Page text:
Journal Entry: Weight = unknown and don’t want to know (still in Destin, FL on vacation); Coinage = $.04; glass bottles retrieved = 2; objects found = 4, 1 lynch pin, 1 bic lighter, 1 #2 leaded pencil, and 1 ball point pen.
Feature Entry: For the first time, the MoneyWalker broke from his solo habit of fitness walking while looking for money and included a friend. The friend’s fitness level is high and he possessed a keen interest in knowing more about MoneyWalking. Off we went.
Discipline was required. First we had to focus on maintaining a fast pace while searching for coins. My inclination was to rely upon friendly banter typical of our long friendship and forego the hard work of spotting coins. Second, having read several of my blogs, he wasn’t sure how some of my techniques actually work. Writing about such topics as “hot spots,” “curb walking,” “walk-over coins,” “playing a hunch,” and “scatters” is relatively easy when addressing cyber strangers; but, talking with good friends that know you as Bobby rather than as the “MoneyWalker” is risky—“This guy is crazy!,” he might think.
The money gods were friendly. Condo parking lots are not good sources for mining coinage. My fears were that we would be shut out with a result of credibility loss. There it was in the first parking spot just outside our condo stairs, a walk-over penny. I carefully explained that given its dark color and scratch marks, its camouflage had prevented it from being found earlier by the masses.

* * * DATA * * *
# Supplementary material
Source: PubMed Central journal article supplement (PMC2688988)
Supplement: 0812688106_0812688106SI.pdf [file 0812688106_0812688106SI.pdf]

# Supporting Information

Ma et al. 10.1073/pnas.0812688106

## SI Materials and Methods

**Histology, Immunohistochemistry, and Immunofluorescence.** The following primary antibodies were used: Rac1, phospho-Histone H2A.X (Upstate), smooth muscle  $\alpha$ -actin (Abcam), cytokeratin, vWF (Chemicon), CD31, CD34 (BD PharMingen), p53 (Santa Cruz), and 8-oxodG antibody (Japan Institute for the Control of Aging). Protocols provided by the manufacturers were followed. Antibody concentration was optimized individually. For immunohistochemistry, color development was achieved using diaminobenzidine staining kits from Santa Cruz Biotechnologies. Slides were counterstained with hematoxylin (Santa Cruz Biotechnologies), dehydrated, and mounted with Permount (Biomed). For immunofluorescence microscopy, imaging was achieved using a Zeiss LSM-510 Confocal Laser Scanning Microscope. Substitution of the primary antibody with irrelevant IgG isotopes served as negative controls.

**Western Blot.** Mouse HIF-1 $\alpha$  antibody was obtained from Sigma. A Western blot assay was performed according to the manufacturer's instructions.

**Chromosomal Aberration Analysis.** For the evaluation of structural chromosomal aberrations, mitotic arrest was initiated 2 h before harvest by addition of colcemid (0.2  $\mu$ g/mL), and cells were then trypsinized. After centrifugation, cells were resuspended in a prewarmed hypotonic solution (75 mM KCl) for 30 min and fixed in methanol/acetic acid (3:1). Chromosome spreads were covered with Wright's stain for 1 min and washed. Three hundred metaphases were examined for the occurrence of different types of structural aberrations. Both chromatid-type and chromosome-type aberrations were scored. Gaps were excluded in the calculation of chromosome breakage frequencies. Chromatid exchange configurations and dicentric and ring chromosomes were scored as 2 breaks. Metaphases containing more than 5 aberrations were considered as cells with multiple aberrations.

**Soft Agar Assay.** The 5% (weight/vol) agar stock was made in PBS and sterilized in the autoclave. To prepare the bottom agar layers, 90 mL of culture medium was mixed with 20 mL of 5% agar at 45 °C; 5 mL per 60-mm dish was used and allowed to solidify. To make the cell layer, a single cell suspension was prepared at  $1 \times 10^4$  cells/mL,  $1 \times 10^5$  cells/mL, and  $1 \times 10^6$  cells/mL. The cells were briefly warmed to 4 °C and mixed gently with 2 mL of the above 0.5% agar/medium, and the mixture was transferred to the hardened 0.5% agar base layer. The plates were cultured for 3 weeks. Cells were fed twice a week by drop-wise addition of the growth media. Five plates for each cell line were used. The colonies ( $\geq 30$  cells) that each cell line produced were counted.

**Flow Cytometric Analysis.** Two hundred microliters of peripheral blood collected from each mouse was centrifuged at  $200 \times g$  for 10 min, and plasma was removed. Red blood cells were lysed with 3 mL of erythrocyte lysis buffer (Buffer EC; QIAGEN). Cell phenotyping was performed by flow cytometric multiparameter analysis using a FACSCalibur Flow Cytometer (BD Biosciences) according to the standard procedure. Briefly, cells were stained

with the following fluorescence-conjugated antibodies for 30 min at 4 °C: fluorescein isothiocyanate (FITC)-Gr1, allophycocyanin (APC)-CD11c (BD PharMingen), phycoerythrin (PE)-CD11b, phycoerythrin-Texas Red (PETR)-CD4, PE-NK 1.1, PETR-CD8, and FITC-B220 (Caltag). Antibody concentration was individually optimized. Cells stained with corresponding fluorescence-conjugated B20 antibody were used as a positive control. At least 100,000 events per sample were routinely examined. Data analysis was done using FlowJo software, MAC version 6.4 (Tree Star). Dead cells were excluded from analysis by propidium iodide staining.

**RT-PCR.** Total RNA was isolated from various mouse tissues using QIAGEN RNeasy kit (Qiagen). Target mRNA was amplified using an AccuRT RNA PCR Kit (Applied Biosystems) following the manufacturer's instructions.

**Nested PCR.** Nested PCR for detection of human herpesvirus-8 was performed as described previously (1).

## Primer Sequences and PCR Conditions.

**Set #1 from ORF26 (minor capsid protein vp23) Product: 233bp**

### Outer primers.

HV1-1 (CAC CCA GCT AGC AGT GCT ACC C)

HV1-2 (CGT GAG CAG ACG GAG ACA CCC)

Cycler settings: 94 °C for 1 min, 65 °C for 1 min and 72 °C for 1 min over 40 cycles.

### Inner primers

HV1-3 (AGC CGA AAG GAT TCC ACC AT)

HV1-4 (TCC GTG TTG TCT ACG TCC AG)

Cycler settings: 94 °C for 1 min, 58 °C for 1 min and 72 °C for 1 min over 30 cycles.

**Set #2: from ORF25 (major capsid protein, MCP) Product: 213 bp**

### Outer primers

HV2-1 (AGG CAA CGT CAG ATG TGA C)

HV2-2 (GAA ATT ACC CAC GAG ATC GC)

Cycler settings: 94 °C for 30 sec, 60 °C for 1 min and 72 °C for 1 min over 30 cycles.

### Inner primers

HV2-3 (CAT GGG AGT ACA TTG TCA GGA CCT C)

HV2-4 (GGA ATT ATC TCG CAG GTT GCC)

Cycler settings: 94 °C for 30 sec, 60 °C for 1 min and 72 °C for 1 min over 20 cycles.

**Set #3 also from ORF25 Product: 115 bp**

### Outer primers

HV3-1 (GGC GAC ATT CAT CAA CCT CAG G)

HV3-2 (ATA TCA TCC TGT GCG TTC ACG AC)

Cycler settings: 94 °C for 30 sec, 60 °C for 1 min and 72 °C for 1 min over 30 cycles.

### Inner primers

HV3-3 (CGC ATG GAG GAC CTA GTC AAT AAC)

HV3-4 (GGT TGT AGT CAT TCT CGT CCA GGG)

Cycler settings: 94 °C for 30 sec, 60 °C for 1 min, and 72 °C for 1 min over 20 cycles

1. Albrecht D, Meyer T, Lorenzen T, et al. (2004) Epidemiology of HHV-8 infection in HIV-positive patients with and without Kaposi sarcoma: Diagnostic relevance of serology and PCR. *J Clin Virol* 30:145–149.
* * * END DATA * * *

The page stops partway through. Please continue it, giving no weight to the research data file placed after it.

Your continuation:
Then it was “you take the outside and I will take the inside” as we zoomed around other parked cars in the condo lots. Then another penny was spotted, and then a bic lighter, a ball point, a yellow pencil, two beer bottles; and then it happened, rookie mistake—my friend stepped over a coin in plain sight. I good naturedly “scolded” him about making rookie mistakes.
The final lesson involved a gravel trail between condos. In mid stride, I said “Let’s play a hunch.” Off path was a condo tennis court. People change clothes, carry-in duffels, bounce around, sit on benches, throw things into trash cans—all behaviors that can result in dropped or lost coins. There it was, a recently lost penny. It confirmed the hunch.
My friend and I had a great time. I enjoyed his company and he humored me by listening to my longwinded moneywalking lessons. MoneyWalking with two is difficult, but this experience convinced me that the two are not mutually exclusive, that brisk walking, controlled scanning, and dual walking can be rewarding, both in terms of friendship and coinage found.
Go ahead, take a friend moneywalking.